PHNOM Penh traffic police are proving less than zealous in their enforcement of
a much-maligned regulation requiring motorcycle passengers to sit
Police officers spoken to by the Post said they were
enforcing the first part of the new regulation, limiting the number of people on
a motorcycle to two, but were less keen on the sidesaddle part of
"I'll wait and see the other policemen do it first," said one
policemen, a copy of the regulation in his hand.
"If I'm the only one who
stops people to make them sit sidesaddle, they'll laugh at me."
policemen said most of his colleagues took the view they would not insist on the
side saddle rule unless they got a "strict order from the top".
policemen said they were enforcing the limit of two people per motorcycle,
doling out regular 1000 riel fines to offenders.
Some said they were
randomly stopping and fining about 10 motorcycle drivers in each three-hour
shift. There was no shortage of motorcycles carrying more than two people, and
those stopped often complained strongly.
The Phnom Penh Municipality
directive, which took effect on Jan 1, is designed to improve traffic safety and
reduce robberies and grenade throwing.
City officials have said that by
making passengers sit side-saddle, and reducing their balance, they are less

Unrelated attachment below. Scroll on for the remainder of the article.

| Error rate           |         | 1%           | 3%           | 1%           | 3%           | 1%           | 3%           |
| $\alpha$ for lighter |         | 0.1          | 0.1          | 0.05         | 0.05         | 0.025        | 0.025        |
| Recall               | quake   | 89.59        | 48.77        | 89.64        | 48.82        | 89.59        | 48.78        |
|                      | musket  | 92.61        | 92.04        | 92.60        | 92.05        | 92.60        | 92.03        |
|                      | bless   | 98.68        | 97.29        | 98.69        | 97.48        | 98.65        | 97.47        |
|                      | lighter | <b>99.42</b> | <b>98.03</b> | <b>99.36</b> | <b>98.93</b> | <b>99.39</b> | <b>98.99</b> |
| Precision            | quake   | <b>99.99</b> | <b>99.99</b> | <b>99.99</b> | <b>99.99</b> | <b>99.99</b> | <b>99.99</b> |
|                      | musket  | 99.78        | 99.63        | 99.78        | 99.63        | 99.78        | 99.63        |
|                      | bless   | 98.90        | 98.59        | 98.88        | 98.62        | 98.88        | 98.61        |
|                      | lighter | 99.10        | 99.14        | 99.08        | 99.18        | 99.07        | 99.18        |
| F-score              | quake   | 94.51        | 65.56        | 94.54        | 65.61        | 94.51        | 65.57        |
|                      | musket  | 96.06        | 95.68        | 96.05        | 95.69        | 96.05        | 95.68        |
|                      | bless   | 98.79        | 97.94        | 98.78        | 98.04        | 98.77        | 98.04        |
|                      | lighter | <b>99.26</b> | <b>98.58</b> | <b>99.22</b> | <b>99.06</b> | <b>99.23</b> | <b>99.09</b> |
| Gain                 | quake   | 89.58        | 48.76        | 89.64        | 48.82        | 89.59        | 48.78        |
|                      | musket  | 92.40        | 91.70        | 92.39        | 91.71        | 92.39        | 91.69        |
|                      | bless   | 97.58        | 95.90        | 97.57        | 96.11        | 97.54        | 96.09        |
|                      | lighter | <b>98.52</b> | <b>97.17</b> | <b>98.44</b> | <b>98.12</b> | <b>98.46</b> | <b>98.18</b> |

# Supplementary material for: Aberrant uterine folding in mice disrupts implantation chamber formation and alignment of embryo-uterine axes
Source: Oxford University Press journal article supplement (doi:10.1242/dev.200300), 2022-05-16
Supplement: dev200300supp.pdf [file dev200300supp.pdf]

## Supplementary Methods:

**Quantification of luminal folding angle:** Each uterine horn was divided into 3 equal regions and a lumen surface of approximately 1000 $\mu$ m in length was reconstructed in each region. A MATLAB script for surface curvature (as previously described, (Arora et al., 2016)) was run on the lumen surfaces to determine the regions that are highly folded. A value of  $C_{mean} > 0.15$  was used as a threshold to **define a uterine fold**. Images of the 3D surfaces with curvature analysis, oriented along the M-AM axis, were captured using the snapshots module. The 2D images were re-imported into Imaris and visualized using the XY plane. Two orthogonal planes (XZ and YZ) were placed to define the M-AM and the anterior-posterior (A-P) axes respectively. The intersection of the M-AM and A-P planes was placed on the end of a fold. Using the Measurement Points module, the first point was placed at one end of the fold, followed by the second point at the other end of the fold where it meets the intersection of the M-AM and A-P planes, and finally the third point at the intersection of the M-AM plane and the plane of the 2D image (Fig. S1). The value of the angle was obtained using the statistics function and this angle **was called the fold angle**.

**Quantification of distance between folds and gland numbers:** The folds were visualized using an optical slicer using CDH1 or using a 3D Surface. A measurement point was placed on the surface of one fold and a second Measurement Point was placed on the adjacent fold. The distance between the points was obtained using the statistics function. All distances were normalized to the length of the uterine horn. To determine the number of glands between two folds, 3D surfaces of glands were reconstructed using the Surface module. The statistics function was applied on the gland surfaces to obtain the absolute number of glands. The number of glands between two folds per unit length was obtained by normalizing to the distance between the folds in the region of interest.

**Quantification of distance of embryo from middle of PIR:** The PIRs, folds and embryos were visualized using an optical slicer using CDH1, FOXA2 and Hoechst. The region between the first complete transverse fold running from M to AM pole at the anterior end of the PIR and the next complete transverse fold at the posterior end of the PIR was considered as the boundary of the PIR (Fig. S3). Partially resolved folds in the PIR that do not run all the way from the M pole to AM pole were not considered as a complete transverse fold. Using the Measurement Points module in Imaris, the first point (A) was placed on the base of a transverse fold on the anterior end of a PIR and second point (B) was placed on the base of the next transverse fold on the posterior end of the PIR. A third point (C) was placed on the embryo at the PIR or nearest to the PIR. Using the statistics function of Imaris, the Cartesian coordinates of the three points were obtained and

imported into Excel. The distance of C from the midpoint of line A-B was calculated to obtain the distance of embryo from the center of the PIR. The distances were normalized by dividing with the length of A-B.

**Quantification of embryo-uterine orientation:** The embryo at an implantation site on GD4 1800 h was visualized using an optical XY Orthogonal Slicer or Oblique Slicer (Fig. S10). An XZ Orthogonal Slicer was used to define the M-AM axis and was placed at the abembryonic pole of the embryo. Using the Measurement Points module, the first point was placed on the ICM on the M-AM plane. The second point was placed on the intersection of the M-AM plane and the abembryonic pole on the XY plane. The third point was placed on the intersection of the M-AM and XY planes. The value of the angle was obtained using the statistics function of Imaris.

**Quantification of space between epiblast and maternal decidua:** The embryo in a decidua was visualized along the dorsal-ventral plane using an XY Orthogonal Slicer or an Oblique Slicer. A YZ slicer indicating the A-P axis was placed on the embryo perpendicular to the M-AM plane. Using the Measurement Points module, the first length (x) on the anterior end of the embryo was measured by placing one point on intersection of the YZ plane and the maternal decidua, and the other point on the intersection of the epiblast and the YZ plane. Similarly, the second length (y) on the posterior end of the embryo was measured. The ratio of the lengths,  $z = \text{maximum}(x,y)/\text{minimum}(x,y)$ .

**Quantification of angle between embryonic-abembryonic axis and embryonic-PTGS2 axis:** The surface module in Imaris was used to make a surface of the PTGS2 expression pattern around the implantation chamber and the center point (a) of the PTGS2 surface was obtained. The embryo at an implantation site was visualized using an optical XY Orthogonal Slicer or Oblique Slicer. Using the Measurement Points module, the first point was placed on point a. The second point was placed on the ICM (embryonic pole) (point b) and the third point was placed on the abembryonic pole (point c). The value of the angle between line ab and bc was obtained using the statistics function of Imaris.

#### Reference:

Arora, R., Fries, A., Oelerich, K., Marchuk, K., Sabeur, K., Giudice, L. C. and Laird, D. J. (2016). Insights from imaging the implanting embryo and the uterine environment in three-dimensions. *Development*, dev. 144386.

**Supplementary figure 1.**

able to fire guns or throw grenades. Also, motorcycle drivers would be less
likely to drive quickly and dangerously if they knew their passengers could fall
Critics of the new rules continue to abound, though for many
"Cambodian women will traditionally ride side-saddle
without the law," said one Khmer man, "[but] it's not scientifically right to
have men sitting side-saddle on a motorcycle."
He believed it would be a
better idea to enforce a female-only side-saddle rule against foreign women who,
by sitting astride motorcycle, set a bad example.
He said the regulation
limiting the number of people on a motorcycle was wise for safety reasons but
many could not afford to comply with it.
Poor families often had only one
motorcycle or none at all, and "it's not appropriate for laws to go faster than
the social conditions".
Meanwhile, a Khmer newspaper photographer was
arrested and detained after trying to stop a police attempt to stop a motorcycle
carrying three people-by sticking a baton in its wheel spokes.
photographer was released half an hour later after the intervention of the
police chief, the Interior Ministry and human rights groups.